Parents and teachers of children in special education settings value in-school eyecare and written reports of visual status

Emma L. McConnell, S.A. Black, Lynne McKerr, Karola Dillenburger, P. M. Anketell, A Jonathan Jackson, J.A. Little, K. Sanders

Research output: Contribution to journalArticlepeer-review

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Abstract

It is well established that children with developmental disability are at an increased risk of developing visual problems compared to their typically developing peers.1-4 Despite the increased risk of visual deficits, this vulnerable group of children are often reported as having poor history of eyecare.5 This finding indicates that barriers exist for children accessing eyecare services. Such barriers experienced by parents of children with developmental disability attending other healthcare appointments include parental concern regarding the child’s ability to cooperate with testing procedures, fear of behavioural difficulties as a consequence of waiting times at appointments and difficulty accessing clinic appointments if the child has a physical disability.6-9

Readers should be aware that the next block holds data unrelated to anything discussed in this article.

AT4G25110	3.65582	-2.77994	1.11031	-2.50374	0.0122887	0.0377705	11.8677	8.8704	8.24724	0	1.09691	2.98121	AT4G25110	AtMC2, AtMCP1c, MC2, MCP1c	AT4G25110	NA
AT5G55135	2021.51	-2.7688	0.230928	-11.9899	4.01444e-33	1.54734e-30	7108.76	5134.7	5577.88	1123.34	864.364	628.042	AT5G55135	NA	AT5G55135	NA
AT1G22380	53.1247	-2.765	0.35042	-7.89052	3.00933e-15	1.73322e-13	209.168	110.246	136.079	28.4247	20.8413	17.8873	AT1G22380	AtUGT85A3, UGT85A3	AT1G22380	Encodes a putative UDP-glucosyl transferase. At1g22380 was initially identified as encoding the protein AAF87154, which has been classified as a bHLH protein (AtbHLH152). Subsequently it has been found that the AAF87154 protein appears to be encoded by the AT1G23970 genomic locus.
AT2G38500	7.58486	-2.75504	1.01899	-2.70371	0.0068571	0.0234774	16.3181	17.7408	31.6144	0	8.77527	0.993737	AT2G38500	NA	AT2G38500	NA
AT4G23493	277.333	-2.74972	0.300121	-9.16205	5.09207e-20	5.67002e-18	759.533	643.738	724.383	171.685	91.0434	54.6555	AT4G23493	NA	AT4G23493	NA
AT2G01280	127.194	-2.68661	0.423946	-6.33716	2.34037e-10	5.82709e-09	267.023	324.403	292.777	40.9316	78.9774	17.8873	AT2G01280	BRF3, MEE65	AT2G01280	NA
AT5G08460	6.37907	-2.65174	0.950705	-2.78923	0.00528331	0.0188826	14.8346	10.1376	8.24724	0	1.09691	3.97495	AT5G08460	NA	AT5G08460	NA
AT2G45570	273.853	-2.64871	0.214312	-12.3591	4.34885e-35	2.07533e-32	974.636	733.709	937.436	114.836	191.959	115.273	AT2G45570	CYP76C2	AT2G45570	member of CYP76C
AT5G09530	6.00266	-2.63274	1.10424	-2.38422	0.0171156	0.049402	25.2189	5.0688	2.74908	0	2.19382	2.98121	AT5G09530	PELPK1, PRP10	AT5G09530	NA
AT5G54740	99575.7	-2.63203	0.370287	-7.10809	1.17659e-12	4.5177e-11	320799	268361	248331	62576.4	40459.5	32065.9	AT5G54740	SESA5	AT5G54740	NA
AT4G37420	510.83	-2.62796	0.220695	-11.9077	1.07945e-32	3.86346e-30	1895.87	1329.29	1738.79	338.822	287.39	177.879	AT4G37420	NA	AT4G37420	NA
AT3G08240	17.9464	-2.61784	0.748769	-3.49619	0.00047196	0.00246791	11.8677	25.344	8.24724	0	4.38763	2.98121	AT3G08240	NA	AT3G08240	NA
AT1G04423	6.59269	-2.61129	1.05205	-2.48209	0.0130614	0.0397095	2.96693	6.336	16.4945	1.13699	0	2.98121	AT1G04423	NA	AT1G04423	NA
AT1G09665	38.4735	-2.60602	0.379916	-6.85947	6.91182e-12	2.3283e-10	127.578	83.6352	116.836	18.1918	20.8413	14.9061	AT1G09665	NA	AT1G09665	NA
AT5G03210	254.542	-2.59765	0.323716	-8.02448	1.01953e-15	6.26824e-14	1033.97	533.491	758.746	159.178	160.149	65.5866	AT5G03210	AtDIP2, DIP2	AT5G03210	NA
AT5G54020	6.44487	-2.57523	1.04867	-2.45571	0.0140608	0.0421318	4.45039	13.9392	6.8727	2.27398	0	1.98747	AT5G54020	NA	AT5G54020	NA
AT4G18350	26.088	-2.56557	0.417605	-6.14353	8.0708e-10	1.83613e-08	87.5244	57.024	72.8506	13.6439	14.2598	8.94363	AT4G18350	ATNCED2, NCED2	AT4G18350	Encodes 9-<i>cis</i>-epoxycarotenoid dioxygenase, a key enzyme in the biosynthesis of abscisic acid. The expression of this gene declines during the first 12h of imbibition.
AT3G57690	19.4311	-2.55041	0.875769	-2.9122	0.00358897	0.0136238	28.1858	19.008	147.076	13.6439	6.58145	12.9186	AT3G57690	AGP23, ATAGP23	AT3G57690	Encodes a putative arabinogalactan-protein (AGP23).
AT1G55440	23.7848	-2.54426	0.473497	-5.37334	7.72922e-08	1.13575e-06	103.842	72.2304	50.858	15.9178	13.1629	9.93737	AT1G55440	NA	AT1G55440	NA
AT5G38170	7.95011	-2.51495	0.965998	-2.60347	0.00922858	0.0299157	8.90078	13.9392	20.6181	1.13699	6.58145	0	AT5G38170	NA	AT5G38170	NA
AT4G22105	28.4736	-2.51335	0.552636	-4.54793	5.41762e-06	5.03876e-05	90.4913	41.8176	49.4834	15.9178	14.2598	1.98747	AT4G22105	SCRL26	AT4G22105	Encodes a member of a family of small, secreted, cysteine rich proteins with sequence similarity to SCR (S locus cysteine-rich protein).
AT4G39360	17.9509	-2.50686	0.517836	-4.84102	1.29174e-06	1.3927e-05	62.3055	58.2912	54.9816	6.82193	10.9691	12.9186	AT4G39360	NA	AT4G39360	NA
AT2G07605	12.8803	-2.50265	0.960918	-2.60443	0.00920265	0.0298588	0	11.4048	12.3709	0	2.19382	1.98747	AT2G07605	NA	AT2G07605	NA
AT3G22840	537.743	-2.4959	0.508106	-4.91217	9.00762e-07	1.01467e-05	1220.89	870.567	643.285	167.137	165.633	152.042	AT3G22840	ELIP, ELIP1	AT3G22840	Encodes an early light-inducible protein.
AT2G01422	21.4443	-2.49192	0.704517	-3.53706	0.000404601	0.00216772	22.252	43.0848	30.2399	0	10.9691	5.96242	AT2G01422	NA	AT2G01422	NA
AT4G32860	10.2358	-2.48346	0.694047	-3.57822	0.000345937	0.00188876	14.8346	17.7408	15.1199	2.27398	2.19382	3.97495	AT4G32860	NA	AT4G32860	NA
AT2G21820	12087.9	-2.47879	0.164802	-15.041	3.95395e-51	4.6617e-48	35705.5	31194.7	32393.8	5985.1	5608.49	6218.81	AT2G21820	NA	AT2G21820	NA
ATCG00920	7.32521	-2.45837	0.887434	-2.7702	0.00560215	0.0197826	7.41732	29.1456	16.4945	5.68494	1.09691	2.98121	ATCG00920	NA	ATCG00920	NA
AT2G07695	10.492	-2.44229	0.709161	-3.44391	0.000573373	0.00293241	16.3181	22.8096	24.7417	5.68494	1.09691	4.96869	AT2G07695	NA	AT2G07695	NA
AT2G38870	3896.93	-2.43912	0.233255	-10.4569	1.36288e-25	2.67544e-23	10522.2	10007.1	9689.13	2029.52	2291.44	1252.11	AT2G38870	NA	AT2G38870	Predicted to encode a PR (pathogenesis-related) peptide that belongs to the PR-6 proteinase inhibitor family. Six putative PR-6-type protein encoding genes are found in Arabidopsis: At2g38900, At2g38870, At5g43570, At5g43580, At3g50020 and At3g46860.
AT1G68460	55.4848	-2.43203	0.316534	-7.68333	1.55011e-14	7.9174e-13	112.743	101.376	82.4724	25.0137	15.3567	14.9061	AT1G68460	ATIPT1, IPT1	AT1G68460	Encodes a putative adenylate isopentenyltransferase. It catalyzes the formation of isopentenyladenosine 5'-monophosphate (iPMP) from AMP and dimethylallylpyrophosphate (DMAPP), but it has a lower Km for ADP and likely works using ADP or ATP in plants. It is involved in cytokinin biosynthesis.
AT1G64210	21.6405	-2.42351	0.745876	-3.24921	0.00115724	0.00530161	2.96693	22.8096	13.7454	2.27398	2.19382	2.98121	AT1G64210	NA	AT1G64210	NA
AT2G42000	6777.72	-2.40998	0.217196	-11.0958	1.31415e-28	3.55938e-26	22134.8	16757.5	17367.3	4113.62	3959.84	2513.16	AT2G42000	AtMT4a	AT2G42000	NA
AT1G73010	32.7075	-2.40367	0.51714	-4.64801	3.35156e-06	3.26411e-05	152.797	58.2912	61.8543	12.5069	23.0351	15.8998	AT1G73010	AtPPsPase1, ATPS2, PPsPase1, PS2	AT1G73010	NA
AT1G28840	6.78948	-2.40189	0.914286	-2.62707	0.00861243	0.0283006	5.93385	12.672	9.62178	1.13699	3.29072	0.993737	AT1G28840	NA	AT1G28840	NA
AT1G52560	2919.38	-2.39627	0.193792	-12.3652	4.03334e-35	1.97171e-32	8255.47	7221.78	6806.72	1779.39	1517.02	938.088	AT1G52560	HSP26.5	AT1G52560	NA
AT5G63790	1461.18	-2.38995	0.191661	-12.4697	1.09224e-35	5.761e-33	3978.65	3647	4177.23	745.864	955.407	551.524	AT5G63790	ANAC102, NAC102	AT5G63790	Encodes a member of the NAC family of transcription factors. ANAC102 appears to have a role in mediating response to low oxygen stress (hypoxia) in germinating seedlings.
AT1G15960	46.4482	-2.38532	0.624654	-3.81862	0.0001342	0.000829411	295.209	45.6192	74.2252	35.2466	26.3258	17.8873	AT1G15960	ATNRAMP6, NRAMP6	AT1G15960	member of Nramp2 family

Original languageEnglish
Pages (from-to)1-20
JournalPLoS One
Early online date11 Sep 2020
DOIs
Publication statusEarly online date - 11 Sep 2020

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